Is it better to have a public pension, or private one?

This content is for information and inspiration purposes only. It should not be taken as financial or investment advice. To receive personalised, regulated financial advice please consult us here at Elmfield Financial Planning in Padiham, Burnley, Lancashire.

Some recent headlines have argued that public sector pensions (civil servants, doctors etc.) offer the best deal. Yet is this truly the case? This is important to address, as it may affect your future career choices. Below, our team at Elmfield Financial Planning in Padiham, Burnley, puts forward some of the differences, pros and cons of each option. Whilst many pensions in the public sector remain highly competitive in 2022, the private sector can offer some compelling schemes which are worth holding on to. 

What are public sector and private sector pensions?

First of all, it is important to clear up a possible confusion over definitions. In financial planning, a “private pension” is typically a pension pot which you set up on your own – apart from your workplace pension. This is sometimes called a “personal pension” and might involve setting up a SIPP (self-invested personal pension). However, many in the media are referring to pension schemes offered by employers in the private sector, when they speak of “private pensions”. In this article, we call them private sector pensions.

Private sector pensions are offered by companies, non-profits and other non-governmental organisations. Today in 2022, these schemes typically take the form of a defined contribution pension; that is, a pension “pot” which both you and your employer contribute to. In 2022-23, you are obliged under auto-enrolment to put in at least 5% of your salary, and your employer must contribute 3%. By contrast, a public sector pension is usually taxpayer funded and will be offered by government organisations, such as the police. These often take the form of a “final salary” pension (or “defined benefit” pension) which pays out a guaranteed, lifetime income in retirement – often linked to inflation – rather than building up a pension pot.

There are exceptions to these, of course. Very rarely, some private sector pensions still offer a defined benefit scheme to employees. However, due to increasing worker mobility (changing jobs frequently) as well as longer UK average life expectancy, this has become unaffordable for many businesses. Instead, most prefer to offer a defined contribution scheme.

Public versus private sector pensions

With this picture in mind, the debate over public and private sector pensions largely rests on the debate over final salary pensions versus pension pots. Is it better to build up a large retirement fund with your employer (e.g. to spend on an annuity); or, is it better to have a guaranteed retirement income from your employer? However, there are some other factors to consider.

For instance, with a public sector pension many schemes are “unfunded”. This means that there is no “central fund”; instead, they are paid for by tax – which is always available. This provides a very secure financial base for your pension. After all, unlike a defined contribution pension, there is no central fund invested where the assets can fluctuate – or even lose value. Moreover, many public sector pensions are very generous and the benefits can be hard to replicate in the private sector. Under the Teachers’ Pension, for instance, employers make a flat contribution of 23.68% in 2022-23 – much higher than the 3% minimum required by auto enrolment.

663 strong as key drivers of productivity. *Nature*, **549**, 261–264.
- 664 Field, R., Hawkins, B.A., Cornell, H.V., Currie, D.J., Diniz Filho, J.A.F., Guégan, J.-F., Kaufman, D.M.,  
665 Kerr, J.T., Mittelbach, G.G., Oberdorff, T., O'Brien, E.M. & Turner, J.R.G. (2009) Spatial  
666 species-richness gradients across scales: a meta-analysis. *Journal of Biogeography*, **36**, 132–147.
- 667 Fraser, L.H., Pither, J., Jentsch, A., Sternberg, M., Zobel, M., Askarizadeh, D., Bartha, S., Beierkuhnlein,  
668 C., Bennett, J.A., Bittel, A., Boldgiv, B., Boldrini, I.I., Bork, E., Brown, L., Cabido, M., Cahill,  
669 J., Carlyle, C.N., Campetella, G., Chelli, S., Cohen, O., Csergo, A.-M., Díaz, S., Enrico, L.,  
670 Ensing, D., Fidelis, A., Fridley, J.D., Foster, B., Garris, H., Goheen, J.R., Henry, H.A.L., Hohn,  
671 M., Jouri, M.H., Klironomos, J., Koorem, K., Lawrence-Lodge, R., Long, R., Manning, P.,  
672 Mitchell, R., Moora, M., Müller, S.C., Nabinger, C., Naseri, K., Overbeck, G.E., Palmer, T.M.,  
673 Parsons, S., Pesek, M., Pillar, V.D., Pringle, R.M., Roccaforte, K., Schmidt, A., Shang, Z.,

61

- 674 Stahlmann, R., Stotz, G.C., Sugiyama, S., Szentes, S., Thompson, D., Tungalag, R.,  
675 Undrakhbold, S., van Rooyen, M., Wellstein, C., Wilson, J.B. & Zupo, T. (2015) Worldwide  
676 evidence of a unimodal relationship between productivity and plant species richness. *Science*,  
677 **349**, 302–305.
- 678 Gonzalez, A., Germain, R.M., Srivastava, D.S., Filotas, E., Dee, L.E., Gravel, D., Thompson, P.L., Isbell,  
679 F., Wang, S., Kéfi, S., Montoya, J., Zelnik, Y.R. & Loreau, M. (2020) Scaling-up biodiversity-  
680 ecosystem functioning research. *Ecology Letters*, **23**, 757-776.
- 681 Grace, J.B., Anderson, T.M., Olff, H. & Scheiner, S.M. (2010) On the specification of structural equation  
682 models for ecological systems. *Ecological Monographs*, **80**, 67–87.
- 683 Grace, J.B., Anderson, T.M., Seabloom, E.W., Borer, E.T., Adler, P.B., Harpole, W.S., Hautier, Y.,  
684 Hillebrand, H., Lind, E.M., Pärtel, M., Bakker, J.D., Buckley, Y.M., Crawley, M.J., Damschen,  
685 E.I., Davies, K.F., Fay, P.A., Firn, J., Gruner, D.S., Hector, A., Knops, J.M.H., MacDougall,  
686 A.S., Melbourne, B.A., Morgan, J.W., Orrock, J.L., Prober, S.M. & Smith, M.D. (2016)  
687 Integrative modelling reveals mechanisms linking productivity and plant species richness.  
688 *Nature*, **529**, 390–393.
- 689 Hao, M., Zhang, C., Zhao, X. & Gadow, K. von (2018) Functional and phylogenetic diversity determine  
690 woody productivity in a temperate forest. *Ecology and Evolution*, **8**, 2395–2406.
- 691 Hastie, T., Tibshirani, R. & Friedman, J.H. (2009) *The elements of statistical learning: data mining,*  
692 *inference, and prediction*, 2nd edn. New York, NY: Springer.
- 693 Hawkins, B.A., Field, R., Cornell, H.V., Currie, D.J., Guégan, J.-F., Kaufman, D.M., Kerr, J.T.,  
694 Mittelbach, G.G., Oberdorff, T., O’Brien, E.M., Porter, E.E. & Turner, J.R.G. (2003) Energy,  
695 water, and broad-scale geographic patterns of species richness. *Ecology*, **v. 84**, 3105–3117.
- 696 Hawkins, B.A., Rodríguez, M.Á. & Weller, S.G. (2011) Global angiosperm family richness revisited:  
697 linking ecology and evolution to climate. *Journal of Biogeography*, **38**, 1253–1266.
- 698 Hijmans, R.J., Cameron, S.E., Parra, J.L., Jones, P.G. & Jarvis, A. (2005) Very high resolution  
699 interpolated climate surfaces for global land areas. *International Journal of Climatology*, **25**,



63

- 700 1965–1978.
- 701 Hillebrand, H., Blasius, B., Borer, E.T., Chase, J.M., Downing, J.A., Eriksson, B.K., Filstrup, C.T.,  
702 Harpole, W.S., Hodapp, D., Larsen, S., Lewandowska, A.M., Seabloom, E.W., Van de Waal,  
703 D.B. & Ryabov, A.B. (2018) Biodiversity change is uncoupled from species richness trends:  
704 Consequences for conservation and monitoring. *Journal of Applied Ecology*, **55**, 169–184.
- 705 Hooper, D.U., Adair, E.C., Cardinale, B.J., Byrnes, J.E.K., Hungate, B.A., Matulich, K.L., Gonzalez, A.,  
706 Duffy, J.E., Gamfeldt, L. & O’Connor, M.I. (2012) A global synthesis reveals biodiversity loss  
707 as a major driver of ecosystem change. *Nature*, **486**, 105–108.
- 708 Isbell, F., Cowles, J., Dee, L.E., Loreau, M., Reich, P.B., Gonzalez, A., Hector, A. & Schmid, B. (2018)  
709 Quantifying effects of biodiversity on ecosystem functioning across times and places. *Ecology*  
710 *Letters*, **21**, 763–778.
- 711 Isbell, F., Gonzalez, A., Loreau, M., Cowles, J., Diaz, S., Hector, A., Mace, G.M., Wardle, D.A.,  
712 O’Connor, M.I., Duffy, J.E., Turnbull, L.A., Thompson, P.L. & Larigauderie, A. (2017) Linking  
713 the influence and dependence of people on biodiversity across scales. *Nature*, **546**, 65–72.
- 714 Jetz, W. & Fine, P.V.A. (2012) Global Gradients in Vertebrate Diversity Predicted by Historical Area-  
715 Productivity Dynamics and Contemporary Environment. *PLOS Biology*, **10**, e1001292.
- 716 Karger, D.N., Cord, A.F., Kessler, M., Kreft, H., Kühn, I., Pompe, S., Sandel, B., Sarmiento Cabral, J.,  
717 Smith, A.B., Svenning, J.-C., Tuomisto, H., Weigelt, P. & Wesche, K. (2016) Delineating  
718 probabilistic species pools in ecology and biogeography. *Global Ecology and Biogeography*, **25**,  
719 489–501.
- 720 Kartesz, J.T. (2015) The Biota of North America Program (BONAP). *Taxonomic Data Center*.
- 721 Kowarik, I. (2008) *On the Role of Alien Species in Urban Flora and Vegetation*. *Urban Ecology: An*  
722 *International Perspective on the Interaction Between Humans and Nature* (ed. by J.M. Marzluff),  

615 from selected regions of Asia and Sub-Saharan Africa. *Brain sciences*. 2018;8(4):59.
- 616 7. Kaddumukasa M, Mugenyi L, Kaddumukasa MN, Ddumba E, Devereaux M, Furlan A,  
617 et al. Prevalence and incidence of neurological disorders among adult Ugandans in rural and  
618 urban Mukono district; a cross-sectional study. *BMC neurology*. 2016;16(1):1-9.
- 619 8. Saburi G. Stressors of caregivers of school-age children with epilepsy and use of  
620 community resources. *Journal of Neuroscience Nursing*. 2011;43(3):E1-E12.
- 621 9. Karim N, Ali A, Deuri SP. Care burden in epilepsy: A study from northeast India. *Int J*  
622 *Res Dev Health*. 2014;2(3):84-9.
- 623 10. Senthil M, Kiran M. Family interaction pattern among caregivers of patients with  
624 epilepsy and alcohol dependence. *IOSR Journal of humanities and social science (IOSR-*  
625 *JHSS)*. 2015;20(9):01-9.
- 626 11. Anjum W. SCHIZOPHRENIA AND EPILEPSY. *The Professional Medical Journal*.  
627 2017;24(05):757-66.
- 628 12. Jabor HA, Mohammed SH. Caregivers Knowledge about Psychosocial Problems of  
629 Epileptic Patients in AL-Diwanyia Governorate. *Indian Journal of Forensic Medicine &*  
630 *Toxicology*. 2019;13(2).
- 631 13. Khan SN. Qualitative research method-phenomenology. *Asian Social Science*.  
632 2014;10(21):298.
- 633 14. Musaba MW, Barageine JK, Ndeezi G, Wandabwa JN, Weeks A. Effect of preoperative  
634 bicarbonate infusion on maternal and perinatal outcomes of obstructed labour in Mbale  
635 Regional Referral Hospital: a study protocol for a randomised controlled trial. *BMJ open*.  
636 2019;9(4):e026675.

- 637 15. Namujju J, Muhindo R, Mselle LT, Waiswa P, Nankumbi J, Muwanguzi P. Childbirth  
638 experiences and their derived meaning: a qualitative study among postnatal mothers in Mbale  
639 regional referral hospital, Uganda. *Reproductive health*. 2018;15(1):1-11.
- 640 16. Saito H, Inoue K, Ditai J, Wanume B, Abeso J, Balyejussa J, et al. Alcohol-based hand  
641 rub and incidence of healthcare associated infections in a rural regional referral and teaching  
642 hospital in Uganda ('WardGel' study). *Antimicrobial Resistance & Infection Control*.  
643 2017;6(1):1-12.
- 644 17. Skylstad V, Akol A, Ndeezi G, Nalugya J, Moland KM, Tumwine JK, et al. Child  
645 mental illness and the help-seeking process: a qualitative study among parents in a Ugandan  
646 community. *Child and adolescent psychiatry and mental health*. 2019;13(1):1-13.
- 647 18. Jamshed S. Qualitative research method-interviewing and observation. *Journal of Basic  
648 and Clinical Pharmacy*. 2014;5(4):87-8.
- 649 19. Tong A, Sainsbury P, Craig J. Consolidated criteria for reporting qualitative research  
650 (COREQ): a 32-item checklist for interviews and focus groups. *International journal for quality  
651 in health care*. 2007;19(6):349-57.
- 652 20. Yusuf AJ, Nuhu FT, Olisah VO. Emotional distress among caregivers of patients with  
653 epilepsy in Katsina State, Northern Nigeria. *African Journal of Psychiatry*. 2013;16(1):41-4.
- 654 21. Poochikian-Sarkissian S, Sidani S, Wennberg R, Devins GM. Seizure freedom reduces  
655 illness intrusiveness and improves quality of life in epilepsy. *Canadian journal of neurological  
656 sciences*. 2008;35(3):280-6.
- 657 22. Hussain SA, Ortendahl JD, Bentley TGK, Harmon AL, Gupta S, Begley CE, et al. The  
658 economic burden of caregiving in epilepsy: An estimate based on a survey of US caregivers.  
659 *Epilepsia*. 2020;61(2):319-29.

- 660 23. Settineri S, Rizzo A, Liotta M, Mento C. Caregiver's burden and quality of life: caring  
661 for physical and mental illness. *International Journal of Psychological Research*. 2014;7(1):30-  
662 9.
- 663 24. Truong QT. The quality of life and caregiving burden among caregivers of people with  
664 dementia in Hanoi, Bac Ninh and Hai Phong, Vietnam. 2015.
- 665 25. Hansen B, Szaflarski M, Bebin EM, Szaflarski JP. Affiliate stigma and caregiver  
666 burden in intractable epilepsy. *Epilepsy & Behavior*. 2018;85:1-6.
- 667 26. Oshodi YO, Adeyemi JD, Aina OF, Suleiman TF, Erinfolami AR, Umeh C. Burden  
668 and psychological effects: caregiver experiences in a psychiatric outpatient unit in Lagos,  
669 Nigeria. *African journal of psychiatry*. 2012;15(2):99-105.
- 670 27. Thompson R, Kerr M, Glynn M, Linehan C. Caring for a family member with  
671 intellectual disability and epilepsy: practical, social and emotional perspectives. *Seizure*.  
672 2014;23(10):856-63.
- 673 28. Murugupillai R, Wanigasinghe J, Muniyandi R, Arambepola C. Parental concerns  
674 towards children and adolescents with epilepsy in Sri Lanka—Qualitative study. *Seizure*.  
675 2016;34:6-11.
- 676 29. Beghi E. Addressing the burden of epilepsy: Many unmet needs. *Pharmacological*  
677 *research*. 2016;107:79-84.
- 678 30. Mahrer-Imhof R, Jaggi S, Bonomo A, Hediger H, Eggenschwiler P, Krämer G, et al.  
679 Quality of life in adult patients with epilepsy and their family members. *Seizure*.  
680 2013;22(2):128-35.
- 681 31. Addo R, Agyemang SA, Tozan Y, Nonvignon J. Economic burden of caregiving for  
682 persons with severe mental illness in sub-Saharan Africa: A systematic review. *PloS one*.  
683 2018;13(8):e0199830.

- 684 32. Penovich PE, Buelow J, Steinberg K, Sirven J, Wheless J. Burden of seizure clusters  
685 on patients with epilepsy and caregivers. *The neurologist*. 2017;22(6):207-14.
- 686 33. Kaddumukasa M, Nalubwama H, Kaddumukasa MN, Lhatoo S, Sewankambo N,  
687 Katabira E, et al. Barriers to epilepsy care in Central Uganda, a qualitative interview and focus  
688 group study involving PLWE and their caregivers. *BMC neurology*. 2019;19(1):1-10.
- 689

With this said, public sector pensions are not completely safe. Governments may change the benefits via new policies. Taking the Teachers’ Pension again, this was effectively lowered in April 2022 for many teachers (e.g. those who joined the scheme after April 2015) as their future pension income would be calculated using average career earnings – rather than their salary in the year(s) leading up to retirement. Bear in mind that the total cost of public sector pensions to the government is £95bn – a huge part of the budget – and the UK’s national debt is pressuring many politicians to seek spending cuts. This might be part of the reason for the change in the Teachers’ Pension Scheme.

Other considerations

Those with a private sector pension should not despair. Quite often, salaries are higher in the private sector – meaning you may have more income available to contribute to your pension. Remember, in 2022-23 pension contributions are “topped” up by the government via tax relief according to your highest marginal rate of Income Tax. So, a Higher Rate taxpayer only needs to “pay” 60p to put £1 into his/her pension (40% tax relief). 

This can open up ways to save on tax in the short term (i.e. putting salary over the Higher Rate threshold – £50,00 – into your pension) whilst boosting your retirement fund. Moreover, some private sector employers are more generous with their pension benefits – perhaps matching your contributions up to, say, 10% of your salary. If so, you should consider maximising this to gain an extra “free boost” to your retirement fund. 

Ultimately, the suitability of your pension depends on your scheme, your financial circumstances and your goals. Most people with a final salary (“gold plated”) pension will likely benefit most by holding onto it. However, there may be scenarios where a transfer may be more suitable – such as for those looking to pass down pension wealth as an inheritance, tax-free.



If you are interested in starting a conversation about your own financial plan or investments, then we’d love to hear from you. Please contact us to arrange a free, no-commitment consultation with a member of our team here at Elmfield Financial Planning in Padiham, Burnley, Lancashire. 

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